This week, Criterion releases beautiful new editions of two films by Bruce Beresford: The riveting Boer War court-martial drama Breaker Morant (1980), one of the most important works of the New Australian Cinema; and Mister Johnson (1990), a drama about the efforts of an eager, ambitious Nigerian clerk during British colonial rule. The two releases will hopefully bring some new attention to the career of Beresford, one of the more underrated filmmakers of the past several decades. His best-known films in the U.S. are probably 1989’s Best Picture–winning Driving Miss Daisy and 1983’s Tender Mercies, with Robert Duvall as a down-on-his-luck country singer, which won the actor an Oscar (the movie also garnered one for original screenplay).
Those two films were well-rewarded, but Beresford’s filmography is replete with remarkable, underseen work — including 1991’s Black Robe, a gorgeous epic about a Jesuit priest attempting to travel to a mission in a remote corner of Canada during the 17th century; and 1986’s The Fringe Dwellers, about an aboriginal family in Australia trying to move into a white neighborhood. We recently caught up with Beresford to talk about his career, how Breaker Morant almost never saw the light of day, the reputation of Driving Miss Daisy, and what it was like to work with “the very bizarre” Robert Duvall.
What do you think of the idea of pairing Breaker Morant and Mister Johnson, two movies that on the surface seem to have little to do with each other?
That was Criterion’s decision. They just got in touch with me and said, “We’re putting out two of your films.” And I said, “Which two?” And they said, “Breaker Morant and Mister Johnson.” And I said, “Well, that’s nice. Those are two of my best films.”
I’m glad Criterion did them, because they always do such a wonderful job and go through so much trouble cleaning up the negatives and so forth. Especially because I don’t think Mister Johnson has ever been available on DVD. It got good reviews when it came out, but nobody went to see it.
Breaker Morant was such an influential film. Did you have any idea that you were onto something when you were making it?
Absolutely not! When we actually finished it, they had no plans to release it in Australia. Nobody wanted to put it out there. Then, a French guy from the Cannes Film Festival came to Australia and insisted on seeing every Australian film made that year. I ran into him at a cocktail party, and he said, “I’m here seeing all the Australian films.” And I said, “Oh, you must have seen my film.” He said, “What’s your film?” I said, “It’s one called Breaker Morant, but it hasn’t been released.” And he said, “I told them to show me every Australian film, including the unreleased ones!” Then he insisted on seeing it, and picked it for Cannes. After Cannes, it was shown in Australia. But it was not successful: It got mostly good reviews, but people didn’t go. But that film still gets me work. People still call me and say, “Oh, we saw Breaker Morant, and we’re wondering if you might want to film this script we’ve got.” It’s amazing how much work that film has got me – for a film that was seen, statistically, by very few people.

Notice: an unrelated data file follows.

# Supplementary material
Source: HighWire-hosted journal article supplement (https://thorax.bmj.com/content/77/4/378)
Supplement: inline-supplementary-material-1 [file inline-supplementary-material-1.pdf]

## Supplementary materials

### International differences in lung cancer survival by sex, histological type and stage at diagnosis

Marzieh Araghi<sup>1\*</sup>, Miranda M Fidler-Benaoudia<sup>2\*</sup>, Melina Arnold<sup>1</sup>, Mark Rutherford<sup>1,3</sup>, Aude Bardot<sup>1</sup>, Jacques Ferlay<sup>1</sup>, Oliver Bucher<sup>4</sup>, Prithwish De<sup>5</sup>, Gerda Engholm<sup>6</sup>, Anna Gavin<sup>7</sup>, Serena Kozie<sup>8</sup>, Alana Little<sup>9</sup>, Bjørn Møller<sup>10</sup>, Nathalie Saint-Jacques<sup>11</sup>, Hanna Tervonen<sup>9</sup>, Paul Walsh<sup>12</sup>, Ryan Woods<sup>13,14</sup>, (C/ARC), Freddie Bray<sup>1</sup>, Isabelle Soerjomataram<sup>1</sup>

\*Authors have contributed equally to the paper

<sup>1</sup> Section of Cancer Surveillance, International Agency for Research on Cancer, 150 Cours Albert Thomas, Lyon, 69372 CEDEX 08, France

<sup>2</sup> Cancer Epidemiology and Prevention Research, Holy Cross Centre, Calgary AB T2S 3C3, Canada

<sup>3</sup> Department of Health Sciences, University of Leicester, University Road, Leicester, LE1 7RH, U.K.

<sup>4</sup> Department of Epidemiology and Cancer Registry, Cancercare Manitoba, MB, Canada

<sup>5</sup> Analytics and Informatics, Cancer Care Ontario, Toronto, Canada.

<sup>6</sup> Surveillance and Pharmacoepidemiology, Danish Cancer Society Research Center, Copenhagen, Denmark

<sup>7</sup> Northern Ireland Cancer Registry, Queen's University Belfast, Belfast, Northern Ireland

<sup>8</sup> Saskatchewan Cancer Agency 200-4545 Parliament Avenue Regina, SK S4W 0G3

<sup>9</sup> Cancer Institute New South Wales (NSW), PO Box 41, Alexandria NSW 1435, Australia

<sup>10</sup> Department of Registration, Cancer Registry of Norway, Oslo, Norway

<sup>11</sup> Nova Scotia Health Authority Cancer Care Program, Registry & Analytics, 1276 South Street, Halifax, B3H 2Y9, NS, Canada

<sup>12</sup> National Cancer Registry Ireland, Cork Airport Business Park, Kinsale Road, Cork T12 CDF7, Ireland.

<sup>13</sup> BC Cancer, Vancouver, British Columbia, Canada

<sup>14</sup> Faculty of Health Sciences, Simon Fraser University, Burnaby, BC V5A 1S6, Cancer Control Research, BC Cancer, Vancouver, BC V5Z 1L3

Your Hollywood career took off after that film.
Yes, but the film didn’t do that well in America either. I found out it was shown on the plane between New York and Los Angeles, as an in-flight movie. So a lot of the executives were basically forced to see it! When I started to get all these calls, I asked, “Where on Earth did you see this film?” They’d seen it on the flight.
This was kind of an amazing period for Australian cinema, too. The whole industry, it seemed, was undergoing a renaissance in the 1970s and '80s.
I think there were a lot of people in Australia just champing at the bit. And when the government made money available through the arts funds, there were a lot of people at the starting gate — and bang, they were off. They got some money and off they went. There were a bunch of us who were just so keen to make films, and had stories we were passionate to tell. It’s gotten much more sophisticated out there now: Big studios, co-productions with America, that sort of thing. But there’s still a lot of enthusiasm in Australia. They still make very good films. I think a lot of the best Australian films for one reason or another don’t get shown much out of Australia.
Your first big American film was Tender Mercies, starring Robert Duvall as a troubled country singer. Ironically, though, I think Horton Foote’s screenplay had been kicking around for quite some time before you got to it, no?
The script was sent to me in Australia, after it had been sent to almost every director in America — I think they’d been to about 30 other directors. When I read it, I remember saying to my wife, “I just read one of the most beautiful, moving scripts anyone has ever written.” And I couldn’t get on the phone quickly enough to tell them I’d do it.
Was Robert Duvall already attached to the film? I’ve read that you and he didn’t get along.
He was already attached when I got the script. He was linked as producer as well. No, he’s not the easiest guy in the world to get on with. The really difficult ones are the ones who show up drunk, or don’t show up at all, or they don’t remember the dialogue – and he wasn’t one of them. He turned up, he did the lines. We never argued over the interpretation of the character or anything like that. But he was just one of those people who was hostile to just about everybody. He’s a strange man. One day he wanted to take all the lighting equipment away. Another day, he wanted all the sound equipment taken away. It was very bizarre. But he gave a fantastic performance. On the very first day of shooting, I said, “If this guy doesn’t get an Academy Award for this, I’m a monkey’s uncle.”
I’m fascinated by the rhythm of Tender Mercies. It has this odd, quiet, episodic narrative, with scenes quietly fading out, one after the other. And it has a story that could have easily been very melodramatic, but the film is so modest.